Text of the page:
He didn't wake up so much as realize he was actually there in the world, alive, and everything around him was real. The light was real, pouring into him, filling him with warmth everywhere there had been pain. He forced his tired eyes open a crack, just enough to see a man standing over him with his eyes closed with his right hand extended and full of light.

I know him, he thought, but he was too tired to go beyond that. He was safe and warm and nothing hurt, and all he wanted to do was sleep.

Evan Lorne let his eyes slide closed again, waiting for someone to pull his ears.




"He's going to be okay, you know," Rodney said quietly and then winced when Jeannie flinched. "Sorry," he said even more softly. "I, uh, thought you'd heard me come in."

"Well, I didn't," Jeannie said, sparing him enough of her attention to glare. She was sitting in one of the infirmary's hard-backed chairs next to Evan's bed, holding his hand in both of hers and watching him like she was trying to memorize his body for an exam. "What are you doing here?"

"Here," Rodney said. He pulled Evan's dog tags out of his pocket and held them up for Jeannie to see in the light. "I was able to fix the chain," he said proudly. "The place where I soldered the beads is stronger now too, so it won't break there again."

"Oh. Thank you," Jeannie said. She smiled warmly at him and took the tags. Rodney wasn't the least bit surprised when she slid them over her neck and tucked them inside her shirt. Rodney had done that with John's tags more times than he wanted to remember. John was always surprised that Rodney didn't just leave them on his desk or something; John mostly thought the dog tags were a nuisance, especially if you had chest hair to get tangled in the chain. He never understood why Rodney would voluntarily wear his. Rodney was sure Evan didn't understand why Jeannie would voluntarily wear his, either.

Jeannie bent her neck and hand and rubbed her forehead. "I know Evan will be all right. I did the scans myself after Charles healed him. He's just drained from the healing, and he was exhausted anyway."

"No kidding," Rodney said wryly. "I think I can safely say that was Evan's worst day ever. Or at least if it wasn't, I would really, really hate to think of what could possibly be worse than being in a Jumper crash, getting the shit beat out of you, becoming a dragon and then getting trapped under a 302."

"He might not remember it," Jeannie said. "He's healed now, but..." Her voice dropped. "Well, you saw him."

"Yeah. I did," Rodney said. "It's, uh, probably a good thing, if he doesn't remember all of it."

Jeannie nodded mutely. "I wish I didn't remember all of it." She swallowed then started gently rubbing circles with her thumb on the back of Evan's hand. "I've been with him a year, and in all that time the worst injuries he sustained were some bad bruises when he pushed Dr. Parrish away from some kind of aggressive plant."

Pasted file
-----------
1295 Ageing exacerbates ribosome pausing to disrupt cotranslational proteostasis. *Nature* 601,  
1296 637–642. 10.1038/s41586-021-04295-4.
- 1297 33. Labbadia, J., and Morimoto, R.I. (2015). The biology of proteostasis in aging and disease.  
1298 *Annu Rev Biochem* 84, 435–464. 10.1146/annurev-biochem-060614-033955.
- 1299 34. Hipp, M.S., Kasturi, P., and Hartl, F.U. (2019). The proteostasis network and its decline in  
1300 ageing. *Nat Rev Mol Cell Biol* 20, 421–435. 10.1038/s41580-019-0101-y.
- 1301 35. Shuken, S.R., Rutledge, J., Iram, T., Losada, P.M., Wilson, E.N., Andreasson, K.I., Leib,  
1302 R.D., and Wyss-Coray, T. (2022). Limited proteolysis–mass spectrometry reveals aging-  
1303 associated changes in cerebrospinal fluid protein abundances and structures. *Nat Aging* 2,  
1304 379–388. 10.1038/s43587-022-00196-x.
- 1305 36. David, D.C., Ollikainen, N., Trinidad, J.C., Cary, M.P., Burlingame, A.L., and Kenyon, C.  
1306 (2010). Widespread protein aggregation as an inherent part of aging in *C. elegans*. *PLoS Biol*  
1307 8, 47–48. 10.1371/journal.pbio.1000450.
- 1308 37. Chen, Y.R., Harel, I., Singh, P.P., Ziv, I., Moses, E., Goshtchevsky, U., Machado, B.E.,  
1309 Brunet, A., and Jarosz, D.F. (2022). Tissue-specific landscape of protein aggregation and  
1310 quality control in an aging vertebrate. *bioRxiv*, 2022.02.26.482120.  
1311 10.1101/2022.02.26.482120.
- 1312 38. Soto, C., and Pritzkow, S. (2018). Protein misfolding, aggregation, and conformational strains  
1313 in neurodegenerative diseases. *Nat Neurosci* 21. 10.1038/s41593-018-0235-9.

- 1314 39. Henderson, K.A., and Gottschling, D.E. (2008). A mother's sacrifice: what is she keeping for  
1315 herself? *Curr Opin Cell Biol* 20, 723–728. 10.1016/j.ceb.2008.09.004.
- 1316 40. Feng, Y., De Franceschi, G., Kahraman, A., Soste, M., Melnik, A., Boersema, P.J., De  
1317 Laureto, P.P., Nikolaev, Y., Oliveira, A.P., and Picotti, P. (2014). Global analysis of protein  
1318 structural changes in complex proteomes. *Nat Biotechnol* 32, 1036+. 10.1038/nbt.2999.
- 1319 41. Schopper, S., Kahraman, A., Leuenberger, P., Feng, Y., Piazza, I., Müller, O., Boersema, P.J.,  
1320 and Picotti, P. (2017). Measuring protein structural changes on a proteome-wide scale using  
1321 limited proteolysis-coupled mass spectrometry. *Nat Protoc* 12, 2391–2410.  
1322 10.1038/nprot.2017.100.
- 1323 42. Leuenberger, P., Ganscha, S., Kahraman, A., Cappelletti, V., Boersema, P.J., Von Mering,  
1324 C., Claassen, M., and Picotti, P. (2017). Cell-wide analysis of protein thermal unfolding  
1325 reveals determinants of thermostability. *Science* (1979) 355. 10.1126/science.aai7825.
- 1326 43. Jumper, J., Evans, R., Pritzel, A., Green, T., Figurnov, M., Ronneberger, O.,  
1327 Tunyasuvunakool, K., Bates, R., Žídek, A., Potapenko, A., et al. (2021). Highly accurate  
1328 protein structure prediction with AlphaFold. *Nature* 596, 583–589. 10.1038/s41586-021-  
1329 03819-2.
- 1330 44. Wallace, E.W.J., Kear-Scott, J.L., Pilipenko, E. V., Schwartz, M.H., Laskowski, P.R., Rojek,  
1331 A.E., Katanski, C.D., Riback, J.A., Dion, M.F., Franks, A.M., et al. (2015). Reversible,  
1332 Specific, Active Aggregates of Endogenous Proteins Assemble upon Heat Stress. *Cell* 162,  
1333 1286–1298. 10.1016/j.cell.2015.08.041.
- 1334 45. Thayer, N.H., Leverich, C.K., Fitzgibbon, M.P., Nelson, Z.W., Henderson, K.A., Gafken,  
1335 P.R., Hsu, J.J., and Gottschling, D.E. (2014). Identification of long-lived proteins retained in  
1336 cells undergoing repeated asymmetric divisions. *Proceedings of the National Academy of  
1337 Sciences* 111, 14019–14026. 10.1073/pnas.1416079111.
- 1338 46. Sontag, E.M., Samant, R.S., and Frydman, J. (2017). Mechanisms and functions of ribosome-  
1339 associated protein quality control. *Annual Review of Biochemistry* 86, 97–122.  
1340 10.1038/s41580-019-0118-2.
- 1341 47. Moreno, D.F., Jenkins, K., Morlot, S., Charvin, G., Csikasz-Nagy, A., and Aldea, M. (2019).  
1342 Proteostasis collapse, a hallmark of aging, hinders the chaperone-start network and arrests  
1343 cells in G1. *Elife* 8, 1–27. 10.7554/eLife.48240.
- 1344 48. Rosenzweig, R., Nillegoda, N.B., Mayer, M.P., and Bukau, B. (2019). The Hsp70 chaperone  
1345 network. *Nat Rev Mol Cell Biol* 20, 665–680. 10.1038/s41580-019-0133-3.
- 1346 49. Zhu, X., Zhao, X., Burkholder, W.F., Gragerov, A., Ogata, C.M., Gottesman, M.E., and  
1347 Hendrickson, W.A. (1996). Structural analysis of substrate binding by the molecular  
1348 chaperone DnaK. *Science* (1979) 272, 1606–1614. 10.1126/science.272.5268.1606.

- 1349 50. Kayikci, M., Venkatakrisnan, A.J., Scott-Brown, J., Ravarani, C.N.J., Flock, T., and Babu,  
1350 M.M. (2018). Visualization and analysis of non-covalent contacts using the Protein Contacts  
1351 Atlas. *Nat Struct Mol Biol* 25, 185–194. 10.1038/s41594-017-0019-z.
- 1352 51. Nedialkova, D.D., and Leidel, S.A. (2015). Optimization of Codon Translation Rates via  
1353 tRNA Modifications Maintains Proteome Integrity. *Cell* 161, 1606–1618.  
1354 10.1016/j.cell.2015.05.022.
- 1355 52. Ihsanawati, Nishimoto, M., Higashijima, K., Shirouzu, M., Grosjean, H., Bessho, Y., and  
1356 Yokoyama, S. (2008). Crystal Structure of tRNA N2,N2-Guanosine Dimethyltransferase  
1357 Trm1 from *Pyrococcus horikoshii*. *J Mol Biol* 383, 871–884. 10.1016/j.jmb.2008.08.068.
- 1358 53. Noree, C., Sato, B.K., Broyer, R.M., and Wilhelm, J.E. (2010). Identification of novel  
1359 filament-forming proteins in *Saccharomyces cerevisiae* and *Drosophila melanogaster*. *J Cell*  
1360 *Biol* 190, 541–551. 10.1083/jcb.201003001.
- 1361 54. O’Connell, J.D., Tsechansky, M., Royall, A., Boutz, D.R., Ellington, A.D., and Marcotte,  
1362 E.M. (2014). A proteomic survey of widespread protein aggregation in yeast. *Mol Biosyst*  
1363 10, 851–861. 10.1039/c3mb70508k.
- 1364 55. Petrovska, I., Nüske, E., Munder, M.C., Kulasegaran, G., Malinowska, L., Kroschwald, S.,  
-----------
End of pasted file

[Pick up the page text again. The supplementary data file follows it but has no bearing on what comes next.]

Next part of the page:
Rodney smirked. "I think John's done more damage to himself eating lunch."

Jeannie smirked as well. "I'm sure he has." She looked down at Evan again, her expression collapsing. "He's never been that badly hurt before. At least, not with me. And..." She shook her head and closed her eyes, but it was impossible to miss the tears leaking from underneath the lids. "And I couldn't do anything. He wouldn't even let me." Her voice sounded rough and broken.

"It's okay. It's okay. You don't have to do that," Rodney said. It'd always broke his heart to see Jeannie crying. He stooped to give her a kind of awkward hug and she put her face against his jacket sleeve and cried. "It's okay," Rodney said again. "It's over now. He's safe and sound and his brain works as well as it ever did--though that's not really saying very much."

Jeannie swatted at him, but she wasn't crying quite as hard which was what Rodney had been going for. He kept holding her even though the position was killing his back, until she gently pulled away. Rodney kept his hand on her shoulder.

"Asshole," she said, wiping her eyes.

Rodney spread his hands. "Never said I wasn't."

Jeannie sighed, taking Evan's lax hand in hers again. "I don't know what to do, Mer," she said, so upset that she'd forgotten to use his preferred name. "I don't know how to deal with this. It...it was like when I lost you all over again, except even worse, because I was right there watching. I don't know how much more of that kind of helpless terror I can take."